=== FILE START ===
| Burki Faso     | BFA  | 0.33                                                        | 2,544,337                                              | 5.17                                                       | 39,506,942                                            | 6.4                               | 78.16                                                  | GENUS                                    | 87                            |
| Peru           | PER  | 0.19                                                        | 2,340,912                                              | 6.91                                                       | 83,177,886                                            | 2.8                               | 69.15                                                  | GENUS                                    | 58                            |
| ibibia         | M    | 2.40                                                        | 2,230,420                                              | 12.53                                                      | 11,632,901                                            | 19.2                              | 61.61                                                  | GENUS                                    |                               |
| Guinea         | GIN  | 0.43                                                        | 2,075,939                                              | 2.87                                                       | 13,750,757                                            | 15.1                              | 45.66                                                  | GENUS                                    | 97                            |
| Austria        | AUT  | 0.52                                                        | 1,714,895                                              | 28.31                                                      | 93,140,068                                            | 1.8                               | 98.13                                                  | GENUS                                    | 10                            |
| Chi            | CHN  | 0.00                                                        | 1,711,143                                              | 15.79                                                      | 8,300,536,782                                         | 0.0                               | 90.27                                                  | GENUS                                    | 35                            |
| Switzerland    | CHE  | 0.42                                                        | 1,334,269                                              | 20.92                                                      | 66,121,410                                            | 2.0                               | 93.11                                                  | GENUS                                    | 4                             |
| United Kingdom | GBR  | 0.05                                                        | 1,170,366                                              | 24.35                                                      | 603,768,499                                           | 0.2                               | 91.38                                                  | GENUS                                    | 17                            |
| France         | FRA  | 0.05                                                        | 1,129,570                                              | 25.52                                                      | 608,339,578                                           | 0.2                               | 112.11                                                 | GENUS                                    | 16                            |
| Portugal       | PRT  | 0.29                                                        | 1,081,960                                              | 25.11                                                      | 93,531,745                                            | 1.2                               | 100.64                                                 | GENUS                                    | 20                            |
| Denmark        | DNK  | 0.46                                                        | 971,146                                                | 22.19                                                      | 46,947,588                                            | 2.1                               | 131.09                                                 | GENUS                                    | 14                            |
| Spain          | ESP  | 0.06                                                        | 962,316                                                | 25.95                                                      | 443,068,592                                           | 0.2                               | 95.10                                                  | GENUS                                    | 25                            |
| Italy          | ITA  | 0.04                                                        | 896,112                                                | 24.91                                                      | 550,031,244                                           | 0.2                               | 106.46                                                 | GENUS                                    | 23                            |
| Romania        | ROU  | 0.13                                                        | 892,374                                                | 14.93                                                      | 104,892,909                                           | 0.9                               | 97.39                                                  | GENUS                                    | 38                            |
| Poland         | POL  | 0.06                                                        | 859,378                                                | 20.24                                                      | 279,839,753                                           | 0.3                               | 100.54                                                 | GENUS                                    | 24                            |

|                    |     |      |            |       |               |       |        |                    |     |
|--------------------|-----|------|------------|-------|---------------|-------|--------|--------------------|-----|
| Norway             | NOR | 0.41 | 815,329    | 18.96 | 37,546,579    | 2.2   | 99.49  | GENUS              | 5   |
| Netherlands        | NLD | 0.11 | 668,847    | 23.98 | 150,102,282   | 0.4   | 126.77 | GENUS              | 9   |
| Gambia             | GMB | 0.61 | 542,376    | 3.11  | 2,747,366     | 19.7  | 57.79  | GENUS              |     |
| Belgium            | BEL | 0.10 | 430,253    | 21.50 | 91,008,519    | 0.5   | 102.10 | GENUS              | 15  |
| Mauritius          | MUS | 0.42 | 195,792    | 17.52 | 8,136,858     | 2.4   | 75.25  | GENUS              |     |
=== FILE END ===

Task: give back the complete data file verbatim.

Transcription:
| Burki Faso     | BFA  | 0.33                                                        | 2,544,337                                              | 5.17                                                       | 39,506,942                                            | 6.4                               | 78.16                                                  | GENUS                                    | 87                            |
| Peru           | PER  | 0.19                                                        | 2,340,912                                              | 6.91                                                       | 83,177,886                                            | 2.8                               | 69.15                                                  | GENUS                                    | 58                            |
| ibibia         | M    | 2.40                                                        | 2,230,420                                              | 12.53                                                      | 11,632,901                                            | 19.2                              | 61.61                                                  | GENUS                                    |                               |
| Guinea         | GIN  | 0.43                                                        | 2,075,939                                              | 2.87                                                       | 13,750,757                                            | 15.1                              | 45.66                                                  | GENUS                                    | 97                            |
| Austria        | AUT  | 0.52                                                        | 1,714,895                                              | 28.31                                                      | 93,140,068                                            | 1.8                               | 98.13                                                  | GENUS                                    | 10                            |
| Chi            | CHN  | 0.00                                                        | 1,711,143                                              | 15.79                                                      | 8,300,536,782                                         | 0.0                               | 90.27                                                  | GENUS                                    | 35                            |
| Switzerland    | CHE  | 0.42                                                        | 1,334,269                                              | 20.92                                                      | 66,121,410                                            | 2.0                               | 93.11                                                  | GENUS                                    | 4                             |
| United Kingdom | GBR  | 0.05                                                        | 1,170,366                                              | 24.35                                                      | 603,768,499                                           | 0.2                               | 91.38                                                  | GENUS                                    | 17                            |
| France         | FRA  | 0.05                                                        | 1,129,570                                              | 25.52                                                      | 608,339,578                                           | 0.2                               | 112.11                                                 | GENUS                                    | 16                            |
| Portugal       | PRT  | 0.29                                                        | 1,081,960                                              | 25.11                                                      | 93,531,745                                            | 1.2                               | 100.64                                                 | GENUS                                    | 20                            |
| Denmark        | DNK  | 0.46                                                        | 971,146                                                | 22.19                                                      | 46,947,588                                            | 2.1                               | 131.09                                                 | GENUS                                    | 14                            |
| Spain          | ESP  | 0.06                                                        | 962,316                                                | 25.95                                                      | 443,068,592                                           | 0.2                               | 95.10                                                  | GENUS                                    | 25                            |
| Italy          | ITA  | 0.04                                                        | 896,112                                                | 24.91                                                      | 550,031,244                                           | 0.2                               | 106.46                                                 | GENUS                                    | 23                            |
| Romania        | ROU  | 0.13                                                        | 892,374                                                | 14.93                                                      | 104,892,909                                           | 0.9                               | 97.39                                                  | GENUS                                    | 38                            |
| Poland         | POL  | 0.06                                                        | 859,378                                                | 20.24                                                      | 279,839,753                                           | 0.3                               | 100.54                                                 | GENUS                                    | 24                            |

|                    |     |      |            |       |               |       |        |                    |     |
|--------------------|-----|------|------------|-------|---------------|-------|--------|--------------------|-----|
| Norway             | NOR | 0.41 | 815,329    | 18.96 | 37,546,579    | 2.2   | 99.49  | GENUS              | 5   |
| Netherlands        | NLD | 0.11 | 668,847    | 23.98 | 150,102,282   | 0.4   | 126.77 | GENUS              | 9   |
| Gambia             | GMB | 0.61 | 542,376    | 3.11  | 2,747,366     | 19.7  | 57.79  | GENUS              |     |
| Belgium            | BEL | 0.10 | 430,253    | 21.50 | 91,008,519    | 0.5   | 102.10 | GENUS              | 15  |
| Mauritius          | MUS | 0.42 | 195,792    | 17.52 | 8,136,858     | 2.4   | 75.25  | GENUS              |     |